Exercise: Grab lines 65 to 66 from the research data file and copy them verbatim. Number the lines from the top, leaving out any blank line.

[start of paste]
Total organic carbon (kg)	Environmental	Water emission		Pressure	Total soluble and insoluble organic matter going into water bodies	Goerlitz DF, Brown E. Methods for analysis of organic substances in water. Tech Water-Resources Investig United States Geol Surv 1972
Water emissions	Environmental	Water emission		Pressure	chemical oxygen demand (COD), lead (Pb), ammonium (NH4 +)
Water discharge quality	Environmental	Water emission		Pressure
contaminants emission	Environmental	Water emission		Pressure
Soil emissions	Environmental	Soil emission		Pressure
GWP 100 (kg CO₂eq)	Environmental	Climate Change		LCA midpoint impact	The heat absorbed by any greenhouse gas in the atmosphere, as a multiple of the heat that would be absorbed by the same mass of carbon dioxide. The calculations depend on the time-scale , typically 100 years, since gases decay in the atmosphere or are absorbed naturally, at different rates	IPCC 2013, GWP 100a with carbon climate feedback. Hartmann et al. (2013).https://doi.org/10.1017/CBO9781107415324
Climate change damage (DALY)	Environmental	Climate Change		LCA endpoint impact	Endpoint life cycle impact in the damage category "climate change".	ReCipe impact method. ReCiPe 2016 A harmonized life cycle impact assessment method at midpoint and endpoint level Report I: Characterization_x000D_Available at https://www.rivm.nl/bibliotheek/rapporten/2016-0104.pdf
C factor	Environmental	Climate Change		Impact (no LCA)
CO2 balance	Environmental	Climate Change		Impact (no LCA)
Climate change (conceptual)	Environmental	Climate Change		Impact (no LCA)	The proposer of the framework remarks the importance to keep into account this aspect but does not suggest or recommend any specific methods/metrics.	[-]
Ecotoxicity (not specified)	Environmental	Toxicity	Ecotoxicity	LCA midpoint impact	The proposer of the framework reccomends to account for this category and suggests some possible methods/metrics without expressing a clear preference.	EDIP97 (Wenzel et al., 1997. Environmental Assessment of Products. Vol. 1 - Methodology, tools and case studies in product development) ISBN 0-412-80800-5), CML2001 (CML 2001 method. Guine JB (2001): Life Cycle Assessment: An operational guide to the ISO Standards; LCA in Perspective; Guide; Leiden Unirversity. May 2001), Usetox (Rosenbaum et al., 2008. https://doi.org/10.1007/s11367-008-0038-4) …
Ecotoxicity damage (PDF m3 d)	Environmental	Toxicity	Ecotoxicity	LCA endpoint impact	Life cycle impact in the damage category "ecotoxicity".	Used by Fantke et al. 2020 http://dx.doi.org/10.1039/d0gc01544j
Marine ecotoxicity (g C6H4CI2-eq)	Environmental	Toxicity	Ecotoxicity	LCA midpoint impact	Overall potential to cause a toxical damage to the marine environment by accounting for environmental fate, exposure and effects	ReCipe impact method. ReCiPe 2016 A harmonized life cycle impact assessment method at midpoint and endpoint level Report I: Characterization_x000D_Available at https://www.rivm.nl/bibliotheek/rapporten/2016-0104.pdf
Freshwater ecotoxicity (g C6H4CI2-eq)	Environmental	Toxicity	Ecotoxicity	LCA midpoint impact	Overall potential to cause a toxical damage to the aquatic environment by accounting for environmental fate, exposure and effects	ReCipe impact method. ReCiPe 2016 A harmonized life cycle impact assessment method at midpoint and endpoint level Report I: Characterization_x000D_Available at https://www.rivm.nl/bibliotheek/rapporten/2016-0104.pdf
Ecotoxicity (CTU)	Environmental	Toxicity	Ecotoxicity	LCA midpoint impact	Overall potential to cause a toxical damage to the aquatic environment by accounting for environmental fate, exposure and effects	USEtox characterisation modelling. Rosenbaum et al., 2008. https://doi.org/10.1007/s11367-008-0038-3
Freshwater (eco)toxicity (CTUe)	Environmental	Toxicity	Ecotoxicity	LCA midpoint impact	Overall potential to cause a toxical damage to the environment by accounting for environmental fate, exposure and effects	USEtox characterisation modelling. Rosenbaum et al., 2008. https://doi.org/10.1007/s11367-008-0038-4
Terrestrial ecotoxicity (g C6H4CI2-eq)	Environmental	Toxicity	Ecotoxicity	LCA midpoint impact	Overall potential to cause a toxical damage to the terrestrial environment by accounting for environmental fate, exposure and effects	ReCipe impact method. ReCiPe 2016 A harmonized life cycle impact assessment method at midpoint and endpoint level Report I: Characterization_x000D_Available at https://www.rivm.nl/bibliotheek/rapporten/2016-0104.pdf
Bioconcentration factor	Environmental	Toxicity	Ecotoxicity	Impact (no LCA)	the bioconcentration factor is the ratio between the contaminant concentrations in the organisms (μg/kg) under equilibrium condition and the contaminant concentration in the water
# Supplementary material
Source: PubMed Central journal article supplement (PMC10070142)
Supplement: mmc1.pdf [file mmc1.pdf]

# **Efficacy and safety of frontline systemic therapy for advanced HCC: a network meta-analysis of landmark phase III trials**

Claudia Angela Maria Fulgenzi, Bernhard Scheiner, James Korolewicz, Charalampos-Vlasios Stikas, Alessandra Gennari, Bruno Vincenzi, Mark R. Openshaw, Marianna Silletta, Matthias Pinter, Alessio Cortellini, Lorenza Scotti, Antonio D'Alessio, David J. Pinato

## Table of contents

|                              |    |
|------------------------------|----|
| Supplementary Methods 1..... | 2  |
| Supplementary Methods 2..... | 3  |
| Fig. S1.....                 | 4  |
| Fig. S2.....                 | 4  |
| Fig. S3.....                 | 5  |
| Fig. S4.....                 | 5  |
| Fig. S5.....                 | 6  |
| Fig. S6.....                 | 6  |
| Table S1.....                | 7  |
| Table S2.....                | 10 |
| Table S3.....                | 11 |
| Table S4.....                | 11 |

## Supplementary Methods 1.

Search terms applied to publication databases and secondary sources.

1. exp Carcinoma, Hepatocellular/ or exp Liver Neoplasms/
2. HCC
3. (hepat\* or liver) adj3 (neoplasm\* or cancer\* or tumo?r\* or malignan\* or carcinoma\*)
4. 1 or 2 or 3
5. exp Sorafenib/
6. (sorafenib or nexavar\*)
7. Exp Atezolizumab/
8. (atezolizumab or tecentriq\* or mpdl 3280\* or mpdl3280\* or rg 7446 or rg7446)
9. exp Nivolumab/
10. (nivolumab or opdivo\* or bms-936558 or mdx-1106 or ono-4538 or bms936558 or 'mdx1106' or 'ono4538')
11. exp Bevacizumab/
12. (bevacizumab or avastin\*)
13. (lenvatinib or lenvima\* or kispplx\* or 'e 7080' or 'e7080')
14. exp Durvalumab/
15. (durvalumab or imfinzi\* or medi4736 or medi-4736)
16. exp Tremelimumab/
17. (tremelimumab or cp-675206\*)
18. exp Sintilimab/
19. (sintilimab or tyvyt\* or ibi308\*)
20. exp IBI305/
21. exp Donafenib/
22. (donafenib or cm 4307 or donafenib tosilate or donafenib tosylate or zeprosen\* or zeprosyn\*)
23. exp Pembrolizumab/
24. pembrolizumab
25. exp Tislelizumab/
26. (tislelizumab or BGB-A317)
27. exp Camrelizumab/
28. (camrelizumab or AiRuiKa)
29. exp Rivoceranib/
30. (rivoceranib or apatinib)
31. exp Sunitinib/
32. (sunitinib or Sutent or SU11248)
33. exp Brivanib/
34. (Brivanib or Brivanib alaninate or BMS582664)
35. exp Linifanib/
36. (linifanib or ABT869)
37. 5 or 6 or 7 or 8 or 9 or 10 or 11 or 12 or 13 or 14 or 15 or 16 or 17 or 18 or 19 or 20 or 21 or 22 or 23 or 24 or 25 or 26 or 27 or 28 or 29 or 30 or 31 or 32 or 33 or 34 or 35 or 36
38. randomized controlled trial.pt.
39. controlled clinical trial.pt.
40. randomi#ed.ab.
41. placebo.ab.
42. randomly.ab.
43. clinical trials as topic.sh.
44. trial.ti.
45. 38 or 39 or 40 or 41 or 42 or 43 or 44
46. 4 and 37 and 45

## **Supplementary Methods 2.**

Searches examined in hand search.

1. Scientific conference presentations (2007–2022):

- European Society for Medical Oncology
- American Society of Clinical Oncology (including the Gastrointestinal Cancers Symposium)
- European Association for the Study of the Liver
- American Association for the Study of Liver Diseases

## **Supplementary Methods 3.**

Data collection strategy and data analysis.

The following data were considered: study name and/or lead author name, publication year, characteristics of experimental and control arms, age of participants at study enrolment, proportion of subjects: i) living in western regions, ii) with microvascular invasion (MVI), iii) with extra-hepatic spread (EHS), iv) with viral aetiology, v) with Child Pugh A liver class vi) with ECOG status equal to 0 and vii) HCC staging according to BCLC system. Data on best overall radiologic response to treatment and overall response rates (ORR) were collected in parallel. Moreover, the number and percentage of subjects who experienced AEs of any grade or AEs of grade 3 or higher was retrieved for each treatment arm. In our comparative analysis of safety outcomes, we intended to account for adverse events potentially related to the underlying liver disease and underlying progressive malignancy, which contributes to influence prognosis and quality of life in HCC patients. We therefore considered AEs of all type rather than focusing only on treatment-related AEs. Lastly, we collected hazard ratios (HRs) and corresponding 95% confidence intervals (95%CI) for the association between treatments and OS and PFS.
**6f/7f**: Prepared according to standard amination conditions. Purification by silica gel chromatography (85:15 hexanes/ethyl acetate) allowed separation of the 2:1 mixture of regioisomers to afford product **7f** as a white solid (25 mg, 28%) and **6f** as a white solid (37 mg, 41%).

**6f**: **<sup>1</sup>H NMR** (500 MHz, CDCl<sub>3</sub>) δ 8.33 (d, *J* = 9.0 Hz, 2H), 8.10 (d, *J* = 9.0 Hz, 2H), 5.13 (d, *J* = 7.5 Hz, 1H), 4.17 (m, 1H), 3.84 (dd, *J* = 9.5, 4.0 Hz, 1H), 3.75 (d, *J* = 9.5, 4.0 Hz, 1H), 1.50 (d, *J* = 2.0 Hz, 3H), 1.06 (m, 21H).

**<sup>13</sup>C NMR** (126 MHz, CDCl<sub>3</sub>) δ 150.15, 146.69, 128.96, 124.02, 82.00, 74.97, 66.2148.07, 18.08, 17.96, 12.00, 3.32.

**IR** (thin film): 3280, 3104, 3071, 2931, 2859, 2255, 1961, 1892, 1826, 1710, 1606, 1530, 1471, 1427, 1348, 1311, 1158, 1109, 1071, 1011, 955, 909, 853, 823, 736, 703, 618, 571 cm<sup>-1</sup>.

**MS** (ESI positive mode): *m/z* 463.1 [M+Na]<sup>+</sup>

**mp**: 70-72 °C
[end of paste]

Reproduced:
25. exp Tislelizumab/
26. (tislelizumab or BGB-A317)